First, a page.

… High on the agenda? Difficult? Important? Necessary?
These are some examples of the unpublished words of the question “Why is interoperability so…?” of my previous blog. The answer to all these? Because it brings value to whom needs it!
Yes, unfortunately it is also the answer to the question why interoperability is so difficult. As industry, as government, as health care provider, as human being, we all want the best for our people, we all want to bring value to whom needs it. We also want to ensure the benefits outweigh the risks. We all are aware there could be risks when two or more devices, each with their own intended use, will be combined and used for a different purpose than intended. Therefore, interoperability can be regarded as difficult, I rather phrase it as ‘can be perceived as becoming complex’.
Nevertheless, it might not be as complex as we think. During the pandemic, the Centers for Medicare & Medicaid Services (CMS), who keeps oversight of practice of medicine, temporarily waived the requirement for remote locations to have separate Clinical Laboratory Improvement Amendments (CLIA) licenses, provided that the primary lab has a CLIA certificate, see also College of American Pathologist (CAP) website. Also, the Food and Drug Administration (FDA), who keeps oversight of medical devices marketed by vendors, allowed through the Emergency Use Authorization (EUA) remote use of WSI system devices. Even more, under certain conditions the agency temporarily allowed non-510(k) cleared WSI devices to be used, including ‘mixing and matching’ the different components of a WSI system device.
Now the pandemic is declared over, CMS has not revoked their remote use waiver . I have been informed they are working towards updating the rules, allowing remote use permanently. FDA however, has a transition plan in place to returning to the ‘normal’ policies, i.e., pre-pandemic.
Even though I understand this, it does not make 100% sense in my brain. During the pandemic, as far as I am aware of, no serious incidents were reported while health care providers were using components from different vendors interchangeably in the WSI system device. This shows, that both vendors and health care providers, including pathologists who are well trained medical professionals, privileged to sign out cases, trust this interoperability between components.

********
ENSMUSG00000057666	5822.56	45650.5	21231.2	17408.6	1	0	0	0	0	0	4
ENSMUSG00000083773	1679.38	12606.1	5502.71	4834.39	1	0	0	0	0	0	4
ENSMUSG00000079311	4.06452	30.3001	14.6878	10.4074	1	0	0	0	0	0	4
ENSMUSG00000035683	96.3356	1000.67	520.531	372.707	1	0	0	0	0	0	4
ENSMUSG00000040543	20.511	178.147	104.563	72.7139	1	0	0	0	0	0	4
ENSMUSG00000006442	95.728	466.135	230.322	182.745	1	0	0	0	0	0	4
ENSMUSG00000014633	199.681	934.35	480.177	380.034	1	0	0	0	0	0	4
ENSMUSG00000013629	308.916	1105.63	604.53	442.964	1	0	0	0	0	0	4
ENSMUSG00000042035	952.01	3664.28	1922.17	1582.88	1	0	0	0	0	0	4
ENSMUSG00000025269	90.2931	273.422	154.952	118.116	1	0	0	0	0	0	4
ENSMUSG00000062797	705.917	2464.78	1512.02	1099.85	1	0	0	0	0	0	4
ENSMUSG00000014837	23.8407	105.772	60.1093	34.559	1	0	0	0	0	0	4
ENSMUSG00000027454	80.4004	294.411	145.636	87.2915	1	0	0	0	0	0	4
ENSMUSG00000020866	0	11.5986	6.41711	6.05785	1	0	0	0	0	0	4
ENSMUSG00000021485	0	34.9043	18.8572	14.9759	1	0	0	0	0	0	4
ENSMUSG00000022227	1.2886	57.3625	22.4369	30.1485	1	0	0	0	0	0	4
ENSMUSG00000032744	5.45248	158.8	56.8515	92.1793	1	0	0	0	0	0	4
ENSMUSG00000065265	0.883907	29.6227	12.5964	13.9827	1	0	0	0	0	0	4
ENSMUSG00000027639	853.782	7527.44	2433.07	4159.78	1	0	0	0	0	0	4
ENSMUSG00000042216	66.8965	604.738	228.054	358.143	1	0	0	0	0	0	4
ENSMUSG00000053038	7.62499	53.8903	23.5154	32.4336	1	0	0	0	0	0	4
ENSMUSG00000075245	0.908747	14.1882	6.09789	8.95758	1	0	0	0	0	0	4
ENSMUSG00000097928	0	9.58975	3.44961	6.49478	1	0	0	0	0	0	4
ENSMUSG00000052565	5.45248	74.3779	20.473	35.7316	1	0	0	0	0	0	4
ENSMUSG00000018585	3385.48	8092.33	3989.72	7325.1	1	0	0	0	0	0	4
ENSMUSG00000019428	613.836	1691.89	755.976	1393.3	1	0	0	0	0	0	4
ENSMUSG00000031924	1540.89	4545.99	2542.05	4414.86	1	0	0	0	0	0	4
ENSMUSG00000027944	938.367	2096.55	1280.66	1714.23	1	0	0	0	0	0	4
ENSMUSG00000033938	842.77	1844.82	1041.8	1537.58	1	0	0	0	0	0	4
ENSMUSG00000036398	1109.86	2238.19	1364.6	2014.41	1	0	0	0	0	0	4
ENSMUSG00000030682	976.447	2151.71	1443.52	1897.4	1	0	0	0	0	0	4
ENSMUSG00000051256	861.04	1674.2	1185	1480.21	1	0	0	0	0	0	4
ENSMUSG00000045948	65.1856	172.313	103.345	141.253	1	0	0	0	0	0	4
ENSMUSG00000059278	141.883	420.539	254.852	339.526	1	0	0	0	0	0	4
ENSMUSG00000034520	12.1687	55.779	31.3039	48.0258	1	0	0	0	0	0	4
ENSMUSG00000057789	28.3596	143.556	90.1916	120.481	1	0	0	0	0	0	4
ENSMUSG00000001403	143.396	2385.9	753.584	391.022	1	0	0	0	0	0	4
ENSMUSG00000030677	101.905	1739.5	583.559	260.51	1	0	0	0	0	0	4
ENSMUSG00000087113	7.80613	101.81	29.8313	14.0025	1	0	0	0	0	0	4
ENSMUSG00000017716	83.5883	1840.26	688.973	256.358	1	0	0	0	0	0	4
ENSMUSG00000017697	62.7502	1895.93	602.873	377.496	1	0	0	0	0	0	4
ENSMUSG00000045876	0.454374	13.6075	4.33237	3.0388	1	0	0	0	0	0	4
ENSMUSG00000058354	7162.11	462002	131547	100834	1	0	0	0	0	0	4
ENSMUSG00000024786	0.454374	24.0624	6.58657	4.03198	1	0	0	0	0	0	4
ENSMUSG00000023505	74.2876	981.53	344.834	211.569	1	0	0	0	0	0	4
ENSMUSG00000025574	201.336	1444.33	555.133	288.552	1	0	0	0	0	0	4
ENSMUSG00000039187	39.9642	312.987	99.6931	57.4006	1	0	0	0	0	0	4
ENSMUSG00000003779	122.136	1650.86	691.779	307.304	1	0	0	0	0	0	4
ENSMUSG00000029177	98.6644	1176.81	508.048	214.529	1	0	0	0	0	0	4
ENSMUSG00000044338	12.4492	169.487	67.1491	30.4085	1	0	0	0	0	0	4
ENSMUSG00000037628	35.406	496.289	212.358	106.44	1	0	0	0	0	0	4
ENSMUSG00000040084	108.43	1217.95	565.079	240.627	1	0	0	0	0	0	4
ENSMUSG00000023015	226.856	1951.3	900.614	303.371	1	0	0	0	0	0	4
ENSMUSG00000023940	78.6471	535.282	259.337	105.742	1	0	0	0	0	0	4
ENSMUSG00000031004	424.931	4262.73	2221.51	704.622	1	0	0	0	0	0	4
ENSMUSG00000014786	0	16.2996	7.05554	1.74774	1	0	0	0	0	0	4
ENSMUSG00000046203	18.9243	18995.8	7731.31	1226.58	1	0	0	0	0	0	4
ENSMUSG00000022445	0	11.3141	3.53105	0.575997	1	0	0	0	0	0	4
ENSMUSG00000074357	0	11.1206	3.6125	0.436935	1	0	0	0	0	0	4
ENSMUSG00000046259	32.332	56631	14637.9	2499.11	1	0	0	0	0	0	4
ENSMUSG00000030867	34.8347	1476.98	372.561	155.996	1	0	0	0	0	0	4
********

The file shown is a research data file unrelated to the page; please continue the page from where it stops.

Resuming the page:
This leads me to the next reason why it doesn’t make 100% sense in my brain. That is, there should be ways to leverage this real world evidence to allow interoperability of WSI devices.
As you might have sensed from previous blogs, I am a strong believer in teamship, partnership and collaborations. I believe that we could and should use these learnings, this real world evidence and related data to speed up the pace of collaboration between policy makers, vendors, and health care providers . This to define 1) minimal interoperability requirements for the different WSI components and 2) general principles to safeguard interoperability – for the sake of patients. This speeding up the pace is essential to ensure the momentum of digital pathology evolution will not get lost.
- A software company developing Software as a Medical Device (SaMD) could distort images, and use this to develop their algorithm to make its algorithm robust. That is, the algorithm safety and effectiveness performance will not change when a scanner has been modified or another scanner with same minimal requirements will be used to produce WSIs for the algorithm to ingest.
- Or they could have included internal controls in the algorithm to measure changes when scanning a calibration slide. When the changes are outside boundaries an alarm is triggered.
- Or a phantom can be used to measure the algorithm performance
- Or the use of by FDA accepted training, tuning, test and validated datasets managed and under control by a neutral third party.
There are multiple options which perfectly address the FDA guidance ”Design considerations and pre-market submission recommendations for interoperable medical devices”.
I am fully aware the devil is in the details, and I do not know all the technical details because I am not an engineer. And this is my point exactly. This is why I am a strong believer in collaboration. I am invested to speed up the pace of collaboration. That is why I am working with the Digital Pathology Association (DPA) and Pathology Innovation Collaborative Community (PIcc) who are collaborating with all the stakeholders, including the FDA to make interoperability happen.
Let’s work in teamship to getting the big question “when will components of WSI systems become truly interoperable, enabling and allowing mixing and matching, plugging and diagnosing for the sake of patients” answered.